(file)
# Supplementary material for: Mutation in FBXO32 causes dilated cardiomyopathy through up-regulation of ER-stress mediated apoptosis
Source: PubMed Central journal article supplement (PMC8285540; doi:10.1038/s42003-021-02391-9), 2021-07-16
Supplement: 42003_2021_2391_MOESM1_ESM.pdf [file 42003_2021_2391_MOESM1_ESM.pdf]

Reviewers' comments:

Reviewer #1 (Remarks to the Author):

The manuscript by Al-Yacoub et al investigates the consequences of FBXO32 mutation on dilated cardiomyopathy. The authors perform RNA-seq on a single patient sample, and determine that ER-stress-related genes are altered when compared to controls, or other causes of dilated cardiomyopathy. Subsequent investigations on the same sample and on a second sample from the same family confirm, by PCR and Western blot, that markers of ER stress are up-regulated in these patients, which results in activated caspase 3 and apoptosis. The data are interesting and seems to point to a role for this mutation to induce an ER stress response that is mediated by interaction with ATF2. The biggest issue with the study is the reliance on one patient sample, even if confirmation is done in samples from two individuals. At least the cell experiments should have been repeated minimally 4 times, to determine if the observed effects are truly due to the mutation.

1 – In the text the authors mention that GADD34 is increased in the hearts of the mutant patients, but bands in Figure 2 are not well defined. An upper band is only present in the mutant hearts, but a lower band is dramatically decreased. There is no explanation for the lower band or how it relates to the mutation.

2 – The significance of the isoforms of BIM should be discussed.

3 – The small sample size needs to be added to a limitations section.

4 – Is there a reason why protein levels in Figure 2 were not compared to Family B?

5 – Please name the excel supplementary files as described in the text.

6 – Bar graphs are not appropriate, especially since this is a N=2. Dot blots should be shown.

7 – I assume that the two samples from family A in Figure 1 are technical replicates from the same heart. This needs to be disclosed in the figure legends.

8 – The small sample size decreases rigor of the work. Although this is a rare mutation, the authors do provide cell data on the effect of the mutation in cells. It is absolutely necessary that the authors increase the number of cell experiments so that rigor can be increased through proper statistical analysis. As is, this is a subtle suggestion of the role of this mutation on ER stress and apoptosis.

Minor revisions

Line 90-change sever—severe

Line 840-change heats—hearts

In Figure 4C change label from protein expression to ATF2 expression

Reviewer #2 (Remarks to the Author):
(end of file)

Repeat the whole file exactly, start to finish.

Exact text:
# Supplementary material for: Mutation in FBXO32 causes dilated cardiomyopathy through up-regulation of ER-stress mediated apoptosis
Source: PubMed Central journal article supplement (PMC8285540; doi:10.1038/s42003-021-02391-9), 2021-07-16
Supplement: 42003_2021_2391_MOESM1_ESM.pdf [file 42003_2021_2391_MOESM1_ESM.pdf]

Reviewers' comments:

Reviewer #1 (Remarks to the Author):

The manuscript by Al-Yacoub et al investigates the consequences of FBXO32 mutation on dilated cardiomyopathy. The authors perform RNA-seq on a single patient sample, and determine that ER-stress-related genes are altered when compared to controls, or other causes of dilated cardiomyopathy. Subsequent investigations on the same sample and on a second sample from the same family confirm, by PCR and Western blot, that markers of ER stress are up-regulated in these patients, which results in activated caspase 3 and apoptosis. The data are interesting and seems to point to a role for this mutation to induce an ER stress response that is mediated by interaction with ATF2. The biggest issue with the study is the reliance on one patient sample, even if confirmation is done in samples from two individuals. At least the cell experiments should have been repeated minimally 4 times, to determine if the observed effects are truly due to the mutation.

1 – In the text the authors mention that GADD34 is increased in the hearts of the mutant patients, but bands in Figure 2 are not well defined. An upper band is only present in the mutant hearts, but a lower band is dramatically decreased. There is no explanation for the lower band or how it relates to the mutation.

2 – The significance of the isoforms of BIM should be discussed.

3 – The small sample size needs to be added to a limitations section.

4 – Is there a reason why protein levels in Figure 2 were not compared to Family B?

5 – Please name the excel supplementary files as described in the text.

6 – Bar graphs are not appropriate, especially since this is a N=2. Dot blots should be shown.

7 – I assume that the two samples from family A in Figure 1 are technical replicates from the same heart. This needs to be disclosed in the figure legends.

8 – The small sample size decreases rigor of the work. Although this is a rare mutation, the authors do provide cell data on the effect of the mutation in cells. It is absolutely necessary that the authors increase the number of cell experiments so that rigor can be increased through proper statistical analysis. As is, this is a subtle suggestion of the role of this mutation on ER stress and apoptosis.

Minor revisions

Line 90-change sever—severe

Line 840-change heats—hearts

In Figure 4C change label from protein expression to ATF2 expression

Reviewer #2 (Remarks to the Author):